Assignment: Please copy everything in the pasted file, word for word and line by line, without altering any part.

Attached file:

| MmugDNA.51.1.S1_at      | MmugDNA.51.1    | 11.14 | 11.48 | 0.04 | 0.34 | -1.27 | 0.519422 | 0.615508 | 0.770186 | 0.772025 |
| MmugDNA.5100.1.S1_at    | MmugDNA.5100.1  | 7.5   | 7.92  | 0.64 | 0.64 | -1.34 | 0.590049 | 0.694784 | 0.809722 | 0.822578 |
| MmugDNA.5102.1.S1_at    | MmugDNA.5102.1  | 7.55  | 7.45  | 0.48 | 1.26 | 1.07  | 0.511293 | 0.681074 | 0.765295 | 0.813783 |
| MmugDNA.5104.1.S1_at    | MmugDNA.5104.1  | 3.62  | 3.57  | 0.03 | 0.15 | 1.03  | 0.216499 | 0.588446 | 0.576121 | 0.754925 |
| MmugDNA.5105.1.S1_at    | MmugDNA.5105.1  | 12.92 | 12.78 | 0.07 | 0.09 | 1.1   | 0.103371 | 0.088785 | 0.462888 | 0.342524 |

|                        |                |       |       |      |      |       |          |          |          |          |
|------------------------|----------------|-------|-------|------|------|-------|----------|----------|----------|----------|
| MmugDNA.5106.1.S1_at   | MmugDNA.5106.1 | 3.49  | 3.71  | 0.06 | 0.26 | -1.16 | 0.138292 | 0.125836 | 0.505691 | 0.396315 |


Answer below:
| MmugDNA.51.1.S1_at      | MmugDNA.51.1    | 11.14 | 11.48 | 0.04 | 0.34 | -1.27 | 0.519422 | 0.615508 | 0.770186 | 0.772025 |
| MmugDNA.5100.1.S1_at    | MmugDNA.5100.1  | 7.5   | 7.92  | 0.64 | 0.64 | -1.34 | 0.590049 | 0.694784 | 0.809722 | 0.822578 |
| MmugDNA.5102.1.S1_at    | MmugDNA.5102.1  | 7.55  | 7.45  | 0.48 | 1.26 | 1.07  | 0.511293 | 0.681074 | 0.765295 | 0.813783 |
| MmugDNA.5104.1.S1_at    | MmugDNA.5104.1  | 3.62  | 3.57  | 0.03 | 0.15 | 1.03  | 0.216499 | 0.588446 | 0.576121 | 0.754925 |
| MmugDNA.5105.1.S1_at    | MmugDNA.5105.1  | 12.92 | 12.78 | 0.07 | 0.09 | 1.1   | 0.103371 | 0.088785 | 0.462888 | 0.342524 |

|                        |                |       |       |      |      |       |          |          |          |          |
|------------------------|----------------|-------|-------|------|------|-------|----------|----------|----------|----------|
| MmugDNA.5106.1.S1_at   | MmugDNA.5106.1 | 3.49  | 3.71  | 0.06 | 0.26 | -1.16 | 0.138292 | 0.125836 | 0.505691 | 0.396315 |